THE Tories’ post-election bung to the Democratic Unionist Party gifted trade unionists an easy retort to rhetorical questions of where money for a comprehensive public-service pay rise could be found.
“From the same place you found the billion quid for the DUP,” was the answer.
It now transpires that the dodgy cash-for-votes deal between Theresa May and Northern Ireland’s party of Orange bigotry cannot be pushed through by government prerogative powers.
Parliament must be consulted on the matter and has the final word. Until it does, May cannot splash the cash.
She and her colleagues will hope that the DUP accepts their word and provides the necessary voting back-up on tight divisions until the cheque is honoured, but Arlene Foster might be perturbed that her Tory friends didn’t mention Parliament’s role or suggest when a vote might take place.
Was the Prime Minister hoping to get away without a vote or did she believe that the DUP leadership wouldn’t notice non-arrival of its bung?
Grandees seeking to steady the Tory ship of state will call for calm nerves and point out that the Tory-DUP alliance has a clear Commons majority.
That may be so, but several pro-government MPs on both sides of the bargain are uneasy about their shipmates of convenience and will not relish renewed public scrutiny of this tacky arrangement.
Opposition MPs stress that they are not opposed to Northern Ireland receiving an extra £1 billion for public spending after seven years of cuts imposed by the Tories and, until two years ago, their Liberal Democrat allies.
But the justification for redressing the balance applies equally to Wales, Scotland and England where working people have also suffered from the political decision to prioritise the economic interests of big business and the wealthy elite over those at the bottom of the heap.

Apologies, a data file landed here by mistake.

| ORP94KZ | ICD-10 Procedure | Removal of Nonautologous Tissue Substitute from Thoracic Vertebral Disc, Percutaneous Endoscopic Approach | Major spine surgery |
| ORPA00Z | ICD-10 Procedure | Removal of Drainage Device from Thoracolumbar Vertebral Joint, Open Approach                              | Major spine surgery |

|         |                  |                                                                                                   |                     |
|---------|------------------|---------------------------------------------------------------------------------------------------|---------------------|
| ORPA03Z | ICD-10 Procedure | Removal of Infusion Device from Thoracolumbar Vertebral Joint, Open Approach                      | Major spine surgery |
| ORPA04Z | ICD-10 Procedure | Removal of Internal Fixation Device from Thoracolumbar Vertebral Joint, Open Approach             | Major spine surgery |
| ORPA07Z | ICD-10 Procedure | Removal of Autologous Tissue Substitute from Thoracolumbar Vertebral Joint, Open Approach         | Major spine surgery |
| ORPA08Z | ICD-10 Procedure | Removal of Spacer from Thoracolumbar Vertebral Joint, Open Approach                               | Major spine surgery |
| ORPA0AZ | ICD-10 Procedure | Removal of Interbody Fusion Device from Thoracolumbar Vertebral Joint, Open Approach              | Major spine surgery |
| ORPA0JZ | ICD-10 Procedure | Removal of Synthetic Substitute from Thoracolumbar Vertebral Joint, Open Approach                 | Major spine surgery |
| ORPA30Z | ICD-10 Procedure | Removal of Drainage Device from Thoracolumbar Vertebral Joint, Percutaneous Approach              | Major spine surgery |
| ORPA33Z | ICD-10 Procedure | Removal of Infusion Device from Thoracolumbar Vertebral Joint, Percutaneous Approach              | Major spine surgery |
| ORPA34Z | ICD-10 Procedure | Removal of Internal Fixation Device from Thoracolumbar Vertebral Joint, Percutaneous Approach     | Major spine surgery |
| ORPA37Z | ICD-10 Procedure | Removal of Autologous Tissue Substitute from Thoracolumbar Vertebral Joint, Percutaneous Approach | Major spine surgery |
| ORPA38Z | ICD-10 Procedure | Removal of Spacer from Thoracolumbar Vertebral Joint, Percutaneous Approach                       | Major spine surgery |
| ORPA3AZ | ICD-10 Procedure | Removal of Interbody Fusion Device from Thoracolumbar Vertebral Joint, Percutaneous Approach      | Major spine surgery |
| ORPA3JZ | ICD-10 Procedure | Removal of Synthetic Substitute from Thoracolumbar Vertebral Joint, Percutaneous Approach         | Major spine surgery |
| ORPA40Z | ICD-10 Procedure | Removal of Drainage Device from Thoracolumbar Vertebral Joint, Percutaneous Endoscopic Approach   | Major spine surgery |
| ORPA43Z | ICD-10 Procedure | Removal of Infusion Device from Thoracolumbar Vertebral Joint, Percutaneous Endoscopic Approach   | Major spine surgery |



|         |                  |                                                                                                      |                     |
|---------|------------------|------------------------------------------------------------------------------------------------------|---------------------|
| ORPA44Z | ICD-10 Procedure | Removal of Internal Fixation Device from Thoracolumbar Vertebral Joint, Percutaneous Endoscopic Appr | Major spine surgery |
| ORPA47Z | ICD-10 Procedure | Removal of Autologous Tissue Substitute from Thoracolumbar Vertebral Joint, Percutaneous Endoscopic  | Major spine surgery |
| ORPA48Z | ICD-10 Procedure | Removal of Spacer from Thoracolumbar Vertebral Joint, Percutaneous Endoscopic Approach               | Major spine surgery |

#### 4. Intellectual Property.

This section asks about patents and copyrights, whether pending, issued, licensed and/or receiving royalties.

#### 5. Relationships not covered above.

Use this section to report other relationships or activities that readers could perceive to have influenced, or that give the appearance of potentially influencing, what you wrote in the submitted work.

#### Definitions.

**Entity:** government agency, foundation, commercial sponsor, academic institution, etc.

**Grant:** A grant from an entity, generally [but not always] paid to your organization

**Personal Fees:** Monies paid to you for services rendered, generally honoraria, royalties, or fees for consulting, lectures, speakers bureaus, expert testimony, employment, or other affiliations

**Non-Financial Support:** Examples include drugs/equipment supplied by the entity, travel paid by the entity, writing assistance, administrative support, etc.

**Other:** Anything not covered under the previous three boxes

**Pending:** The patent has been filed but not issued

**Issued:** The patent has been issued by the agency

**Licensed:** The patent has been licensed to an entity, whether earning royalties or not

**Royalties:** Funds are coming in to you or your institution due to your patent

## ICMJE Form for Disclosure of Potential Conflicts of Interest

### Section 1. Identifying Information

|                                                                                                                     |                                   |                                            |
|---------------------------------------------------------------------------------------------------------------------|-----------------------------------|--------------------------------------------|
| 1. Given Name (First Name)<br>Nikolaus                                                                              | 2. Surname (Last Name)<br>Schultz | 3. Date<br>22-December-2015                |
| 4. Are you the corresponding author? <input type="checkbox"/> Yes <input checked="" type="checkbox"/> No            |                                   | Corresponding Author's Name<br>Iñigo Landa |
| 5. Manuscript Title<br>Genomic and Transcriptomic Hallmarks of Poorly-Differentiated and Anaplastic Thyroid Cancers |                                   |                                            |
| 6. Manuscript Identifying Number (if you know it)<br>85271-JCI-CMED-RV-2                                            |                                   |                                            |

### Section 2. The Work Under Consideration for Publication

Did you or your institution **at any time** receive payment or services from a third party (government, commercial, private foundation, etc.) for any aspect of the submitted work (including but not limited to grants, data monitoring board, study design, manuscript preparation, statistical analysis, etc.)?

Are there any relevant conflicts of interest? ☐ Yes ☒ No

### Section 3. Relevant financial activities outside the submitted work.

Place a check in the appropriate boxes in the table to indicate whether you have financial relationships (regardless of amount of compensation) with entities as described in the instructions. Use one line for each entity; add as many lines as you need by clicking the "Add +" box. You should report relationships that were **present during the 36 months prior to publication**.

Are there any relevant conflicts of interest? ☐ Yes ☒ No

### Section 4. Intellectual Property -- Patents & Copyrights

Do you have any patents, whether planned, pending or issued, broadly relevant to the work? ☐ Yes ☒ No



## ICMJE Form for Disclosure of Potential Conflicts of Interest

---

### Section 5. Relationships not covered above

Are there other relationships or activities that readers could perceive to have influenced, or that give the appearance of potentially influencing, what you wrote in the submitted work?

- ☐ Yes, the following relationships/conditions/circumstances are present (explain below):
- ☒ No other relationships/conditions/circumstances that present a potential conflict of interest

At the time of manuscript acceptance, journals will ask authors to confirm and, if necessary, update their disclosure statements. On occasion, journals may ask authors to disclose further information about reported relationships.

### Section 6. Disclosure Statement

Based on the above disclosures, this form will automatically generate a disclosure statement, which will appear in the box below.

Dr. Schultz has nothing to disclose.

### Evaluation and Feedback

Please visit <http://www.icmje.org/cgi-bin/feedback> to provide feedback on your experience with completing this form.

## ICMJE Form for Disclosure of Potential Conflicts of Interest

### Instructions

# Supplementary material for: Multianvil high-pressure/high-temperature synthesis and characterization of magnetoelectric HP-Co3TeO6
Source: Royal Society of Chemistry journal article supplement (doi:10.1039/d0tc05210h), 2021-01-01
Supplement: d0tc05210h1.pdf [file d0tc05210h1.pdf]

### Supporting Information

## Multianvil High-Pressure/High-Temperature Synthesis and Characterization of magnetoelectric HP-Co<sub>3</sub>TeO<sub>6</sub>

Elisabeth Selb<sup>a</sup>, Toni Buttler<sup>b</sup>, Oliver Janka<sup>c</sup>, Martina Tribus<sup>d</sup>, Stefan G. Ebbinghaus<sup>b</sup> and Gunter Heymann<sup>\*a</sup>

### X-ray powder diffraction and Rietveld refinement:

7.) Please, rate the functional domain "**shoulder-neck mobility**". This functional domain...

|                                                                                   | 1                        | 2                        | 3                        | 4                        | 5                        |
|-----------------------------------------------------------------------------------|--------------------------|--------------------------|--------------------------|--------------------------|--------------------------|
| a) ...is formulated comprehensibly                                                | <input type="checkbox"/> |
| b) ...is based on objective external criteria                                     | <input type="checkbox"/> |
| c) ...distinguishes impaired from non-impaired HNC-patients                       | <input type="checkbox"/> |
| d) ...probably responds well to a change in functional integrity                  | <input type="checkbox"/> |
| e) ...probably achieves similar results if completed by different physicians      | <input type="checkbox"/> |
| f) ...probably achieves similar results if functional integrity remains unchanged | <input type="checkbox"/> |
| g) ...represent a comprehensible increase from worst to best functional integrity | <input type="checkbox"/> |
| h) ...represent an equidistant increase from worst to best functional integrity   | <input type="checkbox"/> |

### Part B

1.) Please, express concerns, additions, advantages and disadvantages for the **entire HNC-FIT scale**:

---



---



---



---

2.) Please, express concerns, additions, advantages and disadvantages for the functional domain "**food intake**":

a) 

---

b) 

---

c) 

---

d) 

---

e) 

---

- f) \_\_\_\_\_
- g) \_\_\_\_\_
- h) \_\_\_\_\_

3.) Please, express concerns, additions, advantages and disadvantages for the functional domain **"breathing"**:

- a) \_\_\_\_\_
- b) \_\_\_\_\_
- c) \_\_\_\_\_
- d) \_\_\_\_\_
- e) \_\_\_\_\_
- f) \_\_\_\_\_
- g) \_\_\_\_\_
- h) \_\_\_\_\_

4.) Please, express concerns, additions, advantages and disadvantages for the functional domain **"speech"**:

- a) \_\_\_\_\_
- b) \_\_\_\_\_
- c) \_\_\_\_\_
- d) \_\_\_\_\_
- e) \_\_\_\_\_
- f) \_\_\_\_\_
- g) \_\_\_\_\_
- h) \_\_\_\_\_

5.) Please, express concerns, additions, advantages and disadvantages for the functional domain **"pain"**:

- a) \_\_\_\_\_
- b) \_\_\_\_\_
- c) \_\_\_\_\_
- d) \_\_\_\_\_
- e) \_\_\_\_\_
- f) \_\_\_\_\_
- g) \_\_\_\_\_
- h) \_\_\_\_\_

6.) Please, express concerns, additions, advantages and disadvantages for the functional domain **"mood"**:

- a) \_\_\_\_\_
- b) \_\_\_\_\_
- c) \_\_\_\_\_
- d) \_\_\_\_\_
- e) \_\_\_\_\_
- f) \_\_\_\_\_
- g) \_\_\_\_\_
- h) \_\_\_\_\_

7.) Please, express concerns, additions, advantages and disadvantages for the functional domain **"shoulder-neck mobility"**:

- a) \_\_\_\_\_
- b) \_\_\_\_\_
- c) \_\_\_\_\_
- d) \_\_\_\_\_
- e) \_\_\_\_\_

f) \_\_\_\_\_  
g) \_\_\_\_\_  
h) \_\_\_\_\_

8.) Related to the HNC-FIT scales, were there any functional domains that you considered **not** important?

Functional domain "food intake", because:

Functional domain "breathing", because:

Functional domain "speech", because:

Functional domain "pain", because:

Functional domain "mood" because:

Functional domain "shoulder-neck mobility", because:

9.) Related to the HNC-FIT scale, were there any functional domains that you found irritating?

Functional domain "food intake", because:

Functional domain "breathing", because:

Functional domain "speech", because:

For a party that constantly proclaims its supposed “Britishness,” DUP readiness to take the Tory shilling — raised through inflation to a billion pounds — and spit in the faces of Welsh, Scottish and English working people by supporting May’s neoliberal approach may carry a future price.
As TUC general secretary Frances O’Grady has made clear, the trade union movement seeks a unified position.
The seven-year-long 1 per cent maximum cap on public-service salaries must be lifted across the board not in piecemeal fashion in areas of particular embarrassment or concern to the government or its MPs.
Divide-and-rule is in Tory politicians’ DNA. It was the weapon of choice in perpetuating imperial rule and is applied as assiduously today to undermine working-class unity.
Tory MPs and media will attempt to separate workers into deserving and less deserving on a host of pretexts, not least that scarce resources enforce the need to do so.
That will not wash. The labour movement has pointed out that cutting the top rate of income tax and slashing corporation tax for big business were deliberate policy priorities to favour the haves over the havenots.
Reversing those decisions would make cash available to off er overdue pay rises to public-service workers.
In reality, starving the public sector of adequate finance, which affects service delivery as well as staff pay, reflects Tory hostility to an ethos that puts service before public profit.
The government will only be moved by a mass united campaign that makes the case for change and is extended to industrial action when required.